Thucydides: The War of the Peloponnesians and the Athenians (Cambridge Texts in the History of Political Thought)
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Thucydides' classic work is a foundational text in the history of Western political thought. His narrative of the great war between Athens and Sparta in the fifth century BC is now seen as a highly sophisticated study of the nature of political power itself: its exercise and effects, its agents and victims, and the arguments through which it is defended and deployed. It is therefore increasingly read as a text in politics, international relations and political theory, whose students will find in Thucydides many striking contemporary resonances. This edition seeks to present the author and the text in their proper historical context. The new translation is particularly sensitive to the risks of anachronism, and the notes and extensive reference material provide students with all the necessary historical, cultural and linguistic background they need to engage with the text on its own terms.
citizens, and once these had started for home only a few remained to take part. When the armies were drawn up on battle order and about to engage, Hippocrates went along the lines of the Athenian army and spoke as follows: ‘Athenians, my speech to you is a short one, but that is quite enough for men of courage, and it is in any case more of a reminder than a new appeal. Let none of you think that we have no business to be chancing these risks in a foreign country. The battle will take
Clearchus Spartan commander, put in charge of fleet at the Hellespont 412/11. VIII 8.2 Clearidas Spartan general, appointed governor of Amphipolis in 423. IV 132.3 Cleon Populist Athenian politician, prominent after the death of Pericles; rival of Nicias; portrayed by Thucydides and the playwright Aristophanes as a crude and aggressive demagogue and imperialist; recommends mass executions at Mytlinene in 427 and at Scione in 423; successful (with Demosthenes) in forcing the surrender of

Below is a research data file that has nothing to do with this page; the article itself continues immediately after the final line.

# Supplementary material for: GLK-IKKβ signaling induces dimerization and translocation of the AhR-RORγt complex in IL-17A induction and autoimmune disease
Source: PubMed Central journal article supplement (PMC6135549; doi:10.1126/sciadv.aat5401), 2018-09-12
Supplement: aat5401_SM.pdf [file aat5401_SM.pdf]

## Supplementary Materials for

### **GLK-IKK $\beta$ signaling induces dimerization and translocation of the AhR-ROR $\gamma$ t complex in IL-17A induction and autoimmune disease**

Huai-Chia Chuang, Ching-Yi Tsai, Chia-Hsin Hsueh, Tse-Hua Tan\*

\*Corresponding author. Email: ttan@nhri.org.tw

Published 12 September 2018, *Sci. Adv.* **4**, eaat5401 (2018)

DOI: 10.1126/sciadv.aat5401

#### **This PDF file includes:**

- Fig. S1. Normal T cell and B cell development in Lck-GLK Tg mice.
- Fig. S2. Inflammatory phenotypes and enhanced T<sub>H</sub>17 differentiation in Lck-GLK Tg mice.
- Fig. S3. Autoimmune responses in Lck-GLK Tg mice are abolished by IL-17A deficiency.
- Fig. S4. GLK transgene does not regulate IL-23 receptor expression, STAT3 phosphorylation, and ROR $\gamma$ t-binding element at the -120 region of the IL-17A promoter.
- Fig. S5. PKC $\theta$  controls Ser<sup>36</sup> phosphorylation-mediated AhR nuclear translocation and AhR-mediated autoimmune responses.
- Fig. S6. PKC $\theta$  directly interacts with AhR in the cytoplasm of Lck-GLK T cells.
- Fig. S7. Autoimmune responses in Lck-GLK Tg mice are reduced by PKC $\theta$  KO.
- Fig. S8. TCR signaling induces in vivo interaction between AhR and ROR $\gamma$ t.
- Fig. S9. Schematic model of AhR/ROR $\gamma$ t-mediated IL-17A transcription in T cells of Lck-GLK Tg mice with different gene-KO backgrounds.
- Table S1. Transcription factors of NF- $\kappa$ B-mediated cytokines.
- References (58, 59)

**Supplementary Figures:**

appropriate.986 Peisander was the one who proposed this resolution and was in general the one most in the public eye in his very active role in helping to overthrow the popular party. However, the one who planned the whole strategy up to this point and had been committed to it the longest was Antiphon, a man second to none among the Athenians of his day in his qualities and his powers of thought and expression.987 He was reluctant to come forward and present himself before the people or in
not recall the exiles), and in general they ruled the city with a strong hand. They put certain people to death, not many but those whom it seemed most convenient to have out of the way; some they imprisoned; and others they banished. They also made overtures to Agis, King of the Spartans, who was at Deceleia, saying that they were willing to make peace and that it now made more sense for him to come to terms with them rather than with the fickle Athenian public. Agis, however, fancied
you, make discipline and vigilance your watchwords, and respond smartly to the word of command. There is no finer or more reassuring sight than to see a whole body of men unified by good discipline.’ After this short speech Archidamus dismissed the meeting and his first move was to send Melesippus, son of Diacritus and a Spartiate, to Athens in case they might be more inclined to yield now that they could see the Spartans were already on the march. The Athenians, however, did not grant